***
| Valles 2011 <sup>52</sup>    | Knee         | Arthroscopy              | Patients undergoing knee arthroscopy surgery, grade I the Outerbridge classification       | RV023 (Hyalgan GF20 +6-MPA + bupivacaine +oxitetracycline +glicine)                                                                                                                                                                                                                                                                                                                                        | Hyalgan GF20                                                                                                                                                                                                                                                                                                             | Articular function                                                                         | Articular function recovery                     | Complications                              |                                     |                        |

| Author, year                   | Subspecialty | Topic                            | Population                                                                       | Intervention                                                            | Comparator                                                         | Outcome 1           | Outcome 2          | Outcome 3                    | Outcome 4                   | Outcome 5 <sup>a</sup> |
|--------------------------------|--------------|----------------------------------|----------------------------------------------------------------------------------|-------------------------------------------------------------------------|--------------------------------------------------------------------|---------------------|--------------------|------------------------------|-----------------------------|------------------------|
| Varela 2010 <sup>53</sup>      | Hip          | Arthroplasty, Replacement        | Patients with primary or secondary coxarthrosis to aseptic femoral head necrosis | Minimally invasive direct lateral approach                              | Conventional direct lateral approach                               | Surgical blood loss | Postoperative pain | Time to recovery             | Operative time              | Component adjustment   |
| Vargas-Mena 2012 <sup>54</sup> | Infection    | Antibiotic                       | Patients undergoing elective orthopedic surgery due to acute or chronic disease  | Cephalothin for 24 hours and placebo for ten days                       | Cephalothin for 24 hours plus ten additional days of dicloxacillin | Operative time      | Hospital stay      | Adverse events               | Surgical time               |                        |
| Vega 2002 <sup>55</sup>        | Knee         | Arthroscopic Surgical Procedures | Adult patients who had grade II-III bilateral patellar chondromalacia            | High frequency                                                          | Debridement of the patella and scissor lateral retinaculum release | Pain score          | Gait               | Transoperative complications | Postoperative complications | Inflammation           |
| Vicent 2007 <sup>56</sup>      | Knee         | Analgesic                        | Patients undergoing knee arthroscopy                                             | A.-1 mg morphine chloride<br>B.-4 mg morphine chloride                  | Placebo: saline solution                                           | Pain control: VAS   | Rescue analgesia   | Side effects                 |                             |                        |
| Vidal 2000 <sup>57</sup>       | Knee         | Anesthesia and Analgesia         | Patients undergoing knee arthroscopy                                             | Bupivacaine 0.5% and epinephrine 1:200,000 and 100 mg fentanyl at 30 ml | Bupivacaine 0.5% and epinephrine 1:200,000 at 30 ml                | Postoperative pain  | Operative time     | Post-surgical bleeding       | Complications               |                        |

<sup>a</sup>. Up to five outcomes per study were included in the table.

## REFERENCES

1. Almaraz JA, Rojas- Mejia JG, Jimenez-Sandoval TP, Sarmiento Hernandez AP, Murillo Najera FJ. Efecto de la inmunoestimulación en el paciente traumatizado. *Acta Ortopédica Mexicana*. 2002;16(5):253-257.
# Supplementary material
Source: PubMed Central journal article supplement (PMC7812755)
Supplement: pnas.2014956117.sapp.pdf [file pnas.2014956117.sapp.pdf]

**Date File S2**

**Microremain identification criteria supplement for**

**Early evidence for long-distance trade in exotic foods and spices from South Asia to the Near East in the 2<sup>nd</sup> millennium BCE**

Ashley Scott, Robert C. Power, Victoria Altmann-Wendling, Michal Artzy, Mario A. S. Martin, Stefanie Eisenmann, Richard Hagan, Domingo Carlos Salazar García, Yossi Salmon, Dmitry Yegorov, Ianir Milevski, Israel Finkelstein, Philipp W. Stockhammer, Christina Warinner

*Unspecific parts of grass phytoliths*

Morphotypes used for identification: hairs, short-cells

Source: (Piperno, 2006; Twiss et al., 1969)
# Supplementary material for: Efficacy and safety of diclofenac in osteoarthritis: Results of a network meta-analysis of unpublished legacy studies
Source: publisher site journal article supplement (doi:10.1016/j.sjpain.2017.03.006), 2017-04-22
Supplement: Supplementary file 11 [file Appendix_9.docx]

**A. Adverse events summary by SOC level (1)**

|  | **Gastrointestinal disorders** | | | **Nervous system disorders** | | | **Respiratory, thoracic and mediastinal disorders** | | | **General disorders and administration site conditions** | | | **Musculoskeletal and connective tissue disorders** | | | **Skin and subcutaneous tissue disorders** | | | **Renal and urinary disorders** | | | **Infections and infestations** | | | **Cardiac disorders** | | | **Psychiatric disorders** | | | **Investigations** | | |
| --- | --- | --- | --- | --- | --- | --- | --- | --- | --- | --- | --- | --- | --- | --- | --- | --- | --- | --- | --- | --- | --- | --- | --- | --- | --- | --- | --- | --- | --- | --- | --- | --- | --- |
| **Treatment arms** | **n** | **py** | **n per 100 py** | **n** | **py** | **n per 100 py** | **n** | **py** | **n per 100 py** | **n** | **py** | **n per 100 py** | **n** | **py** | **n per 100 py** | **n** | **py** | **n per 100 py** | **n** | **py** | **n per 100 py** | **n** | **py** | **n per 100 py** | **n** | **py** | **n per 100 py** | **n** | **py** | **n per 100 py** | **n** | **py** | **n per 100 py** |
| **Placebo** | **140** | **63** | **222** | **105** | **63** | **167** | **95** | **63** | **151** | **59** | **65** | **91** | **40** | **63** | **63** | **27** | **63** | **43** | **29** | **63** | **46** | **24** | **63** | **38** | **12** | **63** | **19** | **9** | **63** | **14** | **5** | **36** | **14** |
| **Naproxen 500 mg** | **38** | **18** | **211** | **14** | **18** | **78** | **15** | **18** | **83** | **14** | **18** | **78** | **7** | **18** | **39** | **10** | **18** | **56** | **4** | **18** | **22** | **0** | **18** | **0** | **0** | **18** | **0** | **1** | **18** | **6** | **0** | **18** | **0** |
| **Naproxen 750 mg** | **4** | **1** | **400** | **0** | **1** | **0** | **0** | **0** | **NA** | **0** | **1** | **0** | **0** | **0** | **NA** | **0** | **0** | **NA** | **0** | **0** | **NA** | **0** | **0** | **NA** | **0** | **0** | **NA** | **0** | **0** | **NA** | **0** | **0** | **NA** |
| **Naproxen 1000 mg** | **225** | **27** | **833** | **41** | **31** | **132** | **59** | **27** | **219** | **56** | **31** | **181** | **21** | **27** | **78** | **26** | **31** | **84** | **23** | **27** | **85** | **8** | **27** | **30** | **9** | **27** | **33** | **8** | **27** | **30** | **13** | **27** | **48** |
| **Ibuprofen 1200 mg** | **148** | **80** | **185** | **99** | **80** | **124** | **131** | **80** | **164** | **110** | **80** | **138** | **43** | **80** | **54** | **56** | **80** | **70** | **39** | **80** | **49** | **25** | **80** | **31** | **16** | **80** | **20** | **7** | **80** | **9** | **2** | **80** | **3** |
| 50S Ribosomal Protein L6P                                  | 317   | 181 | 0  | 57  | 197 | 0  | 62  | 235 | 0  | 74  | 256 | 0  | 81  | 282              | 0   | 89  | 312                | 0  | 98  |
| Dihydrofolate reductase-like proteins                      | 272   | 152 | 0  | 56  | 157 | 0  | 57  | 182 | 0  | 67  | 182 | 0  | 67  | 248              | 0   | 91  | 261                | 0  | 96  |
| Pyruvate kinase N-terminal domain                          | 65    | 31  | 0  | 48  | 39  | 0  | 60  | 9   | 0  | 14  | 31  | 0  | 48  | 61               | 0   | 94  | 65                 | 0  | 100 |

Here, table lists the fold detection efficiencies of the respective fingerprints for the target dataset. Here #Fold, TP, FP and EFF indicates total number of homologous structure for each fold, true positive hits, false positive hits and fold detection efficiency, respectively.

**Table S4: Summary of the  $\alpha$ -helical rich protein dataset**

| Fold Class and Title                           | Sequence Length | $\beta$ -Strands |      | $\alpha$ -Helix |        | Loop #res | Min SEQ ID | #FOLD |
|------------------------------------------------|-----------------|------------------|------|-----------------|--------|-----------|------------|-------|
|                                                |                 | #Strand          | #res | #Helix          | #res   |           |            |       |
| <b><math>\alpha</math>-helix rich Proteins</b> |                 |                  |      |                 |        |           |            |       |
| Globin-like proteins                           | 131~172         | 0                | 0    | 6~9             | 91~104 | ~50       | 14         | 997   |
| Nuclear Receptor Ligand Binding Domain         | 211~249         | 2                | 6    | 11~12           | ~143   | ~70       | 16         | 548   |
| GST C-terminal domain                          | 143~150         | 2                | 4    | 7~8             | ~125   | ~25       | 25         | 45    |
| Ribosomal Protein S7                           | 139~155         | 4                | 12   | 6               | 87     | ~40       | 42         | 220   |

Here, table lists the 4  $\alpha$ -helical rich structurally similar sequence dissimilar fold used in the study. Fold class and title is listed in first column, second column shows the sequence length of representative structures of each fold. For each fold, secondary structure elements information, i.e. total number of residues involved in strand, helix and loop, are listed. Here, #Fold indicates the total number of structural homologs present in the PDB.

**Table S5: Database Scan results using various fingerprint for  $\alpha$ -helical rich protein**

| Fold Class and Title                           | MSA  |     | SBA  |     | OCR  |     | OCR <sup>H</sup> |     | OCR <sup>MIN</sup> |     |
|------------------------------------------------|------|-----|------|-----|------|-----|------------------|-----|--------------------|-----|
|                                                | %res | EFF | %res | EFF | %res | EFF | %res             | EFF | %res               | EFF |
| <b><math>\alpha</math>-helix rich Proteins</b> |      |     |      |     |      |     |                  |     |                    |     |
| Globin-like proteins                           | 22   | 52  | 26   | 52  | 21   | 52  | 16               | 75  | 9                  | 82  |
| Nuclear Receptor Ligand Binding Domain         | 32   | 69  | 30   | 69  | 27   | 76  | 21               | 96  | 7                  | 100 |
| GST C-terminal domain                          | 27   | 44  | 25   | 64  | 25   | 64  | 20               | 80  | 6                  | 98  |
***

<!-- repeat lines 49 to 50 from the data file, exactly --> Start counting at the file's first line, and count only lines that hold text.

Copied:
| Fold Class and Title                           | MSA  |     | SBA  |     | OCR  |     | OCR <sup>H</sup> |     | OCR <sup>MIN</sup> |     |
|------------------------------------------------|------|-----|------|-----|------|-----|------------------|-----|--------------------|-----|